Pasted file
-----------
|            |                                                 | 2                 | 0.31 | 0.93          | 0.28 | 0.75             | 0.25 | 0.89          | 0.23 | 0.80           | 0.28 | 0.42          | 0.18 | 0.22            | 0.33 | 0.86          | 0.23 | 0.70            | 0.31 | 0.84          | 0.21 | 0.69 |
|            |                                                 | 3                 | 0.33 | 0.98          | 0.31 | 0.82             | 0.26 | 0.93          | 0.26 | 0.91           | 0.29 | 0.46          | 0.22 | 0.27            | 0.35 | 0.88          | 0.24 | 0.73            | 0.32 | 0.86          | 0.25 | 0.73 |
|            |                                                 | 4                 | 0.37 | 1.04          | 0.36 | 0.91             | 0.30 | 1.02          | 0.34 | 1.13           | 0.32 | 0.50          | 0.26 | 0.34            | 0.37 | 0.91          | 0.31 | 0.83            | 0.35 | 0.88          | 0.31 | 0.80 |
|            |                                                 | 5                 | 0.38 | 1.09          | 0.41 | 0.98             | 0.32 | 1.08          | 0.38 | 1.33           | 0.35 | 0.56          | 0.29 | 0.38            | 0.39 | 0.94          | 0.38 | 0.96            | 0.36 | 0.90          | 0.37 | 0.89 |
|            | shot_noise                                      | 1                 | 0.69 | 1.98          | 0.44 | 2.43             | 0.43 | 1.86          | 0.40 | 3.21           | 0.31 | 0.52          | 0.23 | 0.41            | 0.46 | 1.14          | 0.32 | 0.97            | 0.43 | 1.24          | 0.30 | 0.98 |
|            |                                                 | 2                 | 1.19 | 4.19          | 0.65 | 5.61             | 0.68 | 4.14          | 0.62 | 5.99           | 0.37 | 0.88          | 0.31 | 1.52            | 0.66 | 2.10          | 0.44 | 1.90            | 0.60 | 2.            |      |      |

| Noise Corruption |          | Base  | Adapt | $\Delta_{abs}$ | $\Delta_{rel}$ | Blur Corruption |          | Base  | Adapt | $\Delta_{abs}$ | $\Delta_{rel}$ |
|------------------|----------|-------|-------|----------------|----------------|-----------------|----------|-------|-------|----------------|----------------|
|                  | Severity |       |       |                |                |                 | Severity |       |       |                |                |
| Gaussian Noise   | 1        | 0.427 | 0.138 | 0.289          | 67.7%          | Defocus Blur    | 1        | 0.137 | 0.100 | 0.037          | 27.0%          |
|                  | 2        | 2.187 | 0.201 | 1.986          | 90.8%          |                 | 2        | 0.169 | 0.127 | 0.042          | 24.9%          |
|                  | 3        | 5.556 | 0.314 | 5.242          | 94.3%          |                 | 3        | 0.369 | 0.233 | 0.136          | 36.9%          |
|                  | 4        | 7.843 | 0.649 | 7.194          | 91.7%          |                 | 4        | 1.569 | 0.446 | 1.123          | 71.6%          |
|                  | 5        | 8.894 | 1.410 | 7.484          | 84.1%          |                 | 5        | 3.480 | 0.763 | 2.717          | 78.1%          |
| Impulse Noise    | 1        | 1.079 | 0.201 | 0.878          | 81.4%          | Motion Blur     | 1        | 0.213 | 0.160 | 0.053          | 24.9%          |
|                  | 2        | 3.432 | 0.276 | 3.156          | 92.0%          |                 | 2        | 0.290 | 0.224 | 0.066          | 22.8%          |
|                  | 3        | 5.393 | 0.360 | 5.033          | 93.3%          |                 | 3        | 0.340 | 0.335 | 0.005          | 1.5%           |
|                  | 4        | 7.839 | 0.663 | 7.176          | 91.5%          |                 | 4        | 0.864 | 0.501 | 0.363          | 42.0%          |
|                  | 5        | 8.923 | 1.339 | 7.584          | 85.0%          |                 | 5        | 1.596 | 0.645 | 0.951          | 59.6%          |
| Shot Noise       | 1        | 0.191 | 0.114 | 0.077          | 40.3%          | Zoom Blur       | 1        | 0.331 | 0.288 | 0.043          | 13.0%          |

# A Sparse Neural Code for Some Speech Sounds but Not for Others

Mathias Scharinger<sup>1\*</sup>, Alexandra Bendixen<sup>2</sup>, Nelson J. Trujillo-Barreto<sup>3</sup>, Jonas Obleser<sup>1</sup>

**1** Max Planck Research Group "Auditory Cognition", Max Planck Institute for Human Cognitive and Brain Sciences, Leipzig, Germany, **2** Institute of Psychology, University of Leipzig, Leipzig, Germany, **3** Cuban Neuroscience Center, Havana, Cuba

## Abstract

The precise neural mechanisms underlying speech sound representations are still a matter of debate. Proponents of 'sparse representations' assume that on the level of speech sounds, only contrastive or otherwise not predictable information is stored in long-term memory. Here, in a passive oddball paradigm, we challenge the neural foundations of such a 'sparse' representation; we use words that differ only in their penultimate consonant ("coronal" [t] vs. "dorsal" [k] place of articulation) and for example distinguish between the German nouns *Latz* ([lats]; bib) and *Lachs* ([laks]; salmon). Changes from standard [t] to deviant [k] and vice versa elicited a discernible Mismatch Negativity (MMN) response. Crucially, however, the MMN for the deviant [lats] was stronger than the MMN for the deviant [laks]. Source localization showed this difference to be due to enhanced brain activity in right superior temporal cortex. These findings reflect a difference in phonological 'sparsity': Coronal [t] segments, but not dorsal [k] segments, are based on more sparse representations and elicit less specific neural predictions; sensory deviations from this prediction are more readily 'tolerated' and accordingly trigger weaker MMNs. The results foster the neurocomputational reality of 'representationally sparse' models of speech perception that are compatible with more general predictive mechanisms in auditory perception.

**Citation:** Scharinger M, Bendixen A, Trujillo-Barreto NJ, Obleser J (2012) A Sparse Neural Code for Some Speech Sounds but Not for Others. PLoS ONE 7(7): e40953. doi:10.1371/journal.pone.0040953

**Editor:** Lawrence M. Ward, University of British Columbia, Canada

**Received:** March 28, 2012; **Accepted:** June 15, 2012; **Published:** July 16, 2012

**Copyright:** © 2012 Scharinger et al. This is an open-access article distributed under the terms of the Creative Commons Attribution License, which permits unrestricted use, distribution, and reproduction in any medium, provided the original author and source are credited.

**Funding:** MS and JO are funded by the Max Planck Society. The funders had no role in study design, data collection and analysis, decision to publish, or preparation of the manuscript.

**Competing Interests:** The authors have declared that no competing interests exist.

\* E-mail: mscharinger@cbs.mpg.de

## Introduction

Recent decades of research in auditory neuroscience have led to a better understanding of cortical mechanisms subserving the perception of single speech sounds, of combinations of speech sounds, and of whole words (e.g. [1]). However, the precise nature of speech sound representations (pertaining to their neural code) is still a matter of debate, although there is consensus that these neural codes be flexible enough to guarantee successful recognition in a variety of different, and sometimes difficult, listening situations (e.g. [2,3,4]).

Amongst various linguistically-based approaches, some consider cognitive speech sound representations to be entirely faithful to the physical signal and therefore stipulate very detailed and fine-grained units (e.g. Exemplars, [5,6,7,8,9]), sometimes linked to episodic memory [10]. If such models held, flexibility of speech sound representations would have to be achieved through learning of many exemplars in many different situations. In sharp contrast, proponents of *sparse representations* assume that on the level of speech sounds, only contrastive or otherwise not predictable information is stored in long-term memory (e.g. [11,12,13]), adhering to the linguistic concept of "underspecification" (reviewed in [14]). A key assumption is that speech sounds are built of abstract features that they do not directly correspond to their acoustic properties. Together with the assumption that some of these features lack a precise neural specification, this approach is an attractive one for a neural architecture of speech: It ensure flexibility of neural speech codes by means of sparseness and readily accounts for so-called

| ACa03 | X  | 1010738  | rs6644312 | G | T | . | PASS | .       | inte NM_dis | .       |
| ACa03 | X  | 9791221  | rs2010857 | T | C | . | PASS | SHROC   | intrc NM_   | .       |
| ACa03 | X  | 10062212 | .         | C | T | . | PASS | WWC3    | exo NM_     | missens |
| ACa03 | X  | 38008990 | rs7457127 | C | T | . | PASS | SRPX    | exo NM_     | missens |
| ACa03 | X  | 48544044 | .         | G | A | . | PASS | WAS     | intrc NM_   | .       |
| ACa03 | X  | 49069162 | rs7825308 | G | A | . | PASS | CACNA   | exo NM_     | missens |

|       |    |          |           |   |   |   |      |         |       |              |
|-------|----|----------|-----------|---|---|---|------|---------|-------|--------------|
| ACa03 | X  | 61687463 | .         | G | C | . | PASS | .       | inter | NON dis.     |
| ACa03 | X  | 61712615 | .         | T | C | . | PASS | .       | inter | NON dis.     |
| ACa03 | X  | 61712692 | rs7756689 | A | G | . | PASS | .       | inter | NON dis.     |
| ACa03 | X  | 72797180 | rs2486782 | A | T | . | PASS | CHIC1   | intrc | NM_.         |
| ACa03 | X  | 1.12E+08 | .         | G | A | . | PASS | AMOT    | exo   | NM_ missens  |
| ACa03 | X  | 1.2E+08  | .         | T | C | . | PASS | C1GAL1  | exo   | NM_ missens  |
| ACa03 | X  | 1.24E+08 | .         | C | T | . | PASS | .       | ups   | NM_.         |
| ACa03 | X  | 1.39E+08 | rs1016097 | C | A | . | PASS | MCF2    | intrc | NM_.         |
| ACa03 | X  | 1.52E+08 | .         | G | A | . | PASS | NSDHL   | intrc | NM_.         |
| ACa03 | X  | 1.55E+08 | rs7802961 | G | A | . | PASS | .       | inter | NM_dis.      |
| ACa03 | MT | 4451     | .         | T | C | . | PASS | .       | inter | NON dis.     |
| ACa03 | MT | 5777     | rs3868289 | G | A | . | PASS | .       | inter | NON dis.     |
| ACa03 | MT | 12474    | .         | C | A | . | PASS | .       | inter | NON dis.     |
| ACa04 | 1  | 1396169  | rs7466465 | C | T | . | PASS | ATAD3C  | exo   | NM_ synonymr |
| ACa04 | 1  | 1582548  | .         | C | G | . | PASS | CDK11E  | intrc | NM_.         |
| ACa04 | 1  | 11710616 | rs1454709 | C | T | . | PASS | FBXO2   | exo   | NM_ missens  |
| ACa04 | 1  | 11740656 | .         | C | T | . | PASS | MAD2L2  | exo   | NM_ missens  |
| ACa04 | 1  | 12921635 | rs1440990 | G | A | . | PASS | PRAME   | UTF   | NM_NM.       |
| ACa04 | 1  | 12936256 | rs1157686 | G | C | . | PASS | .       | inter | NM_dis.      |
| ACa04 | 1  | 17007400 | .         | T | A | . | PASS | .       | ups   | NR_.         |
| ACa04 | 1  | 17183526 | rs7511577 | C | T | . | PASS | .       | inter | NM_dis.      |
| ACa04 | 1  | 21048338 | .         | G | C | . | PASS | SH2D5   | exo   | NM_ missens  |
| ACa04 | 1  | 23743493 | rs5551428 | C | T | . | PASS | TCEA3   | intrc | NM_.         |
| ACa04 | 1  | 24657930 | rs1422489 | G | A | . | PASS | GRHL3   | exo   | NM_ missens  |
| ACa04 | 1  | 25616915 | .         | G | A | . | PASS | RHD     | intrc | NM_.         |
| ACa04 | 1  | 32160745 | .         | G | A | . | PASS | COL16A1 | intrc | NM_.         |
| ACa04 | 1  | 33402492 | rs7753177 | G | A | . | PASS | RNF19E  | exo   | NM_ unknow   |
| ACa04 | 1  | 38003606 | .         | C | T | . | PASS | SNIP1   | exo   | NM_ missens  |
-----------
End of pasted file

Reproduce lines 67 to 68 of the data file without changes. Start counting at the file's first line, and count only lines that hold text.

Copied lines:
| ACa04 | 1  | 24657930 | rs1422489 | G | A | . | PASS | GRHL3   | exo   | NM_ missens  |
| ACa04 | 1  | 25616915 | .         | G | A | . | PASS | RHD     | intrc | NM_.         |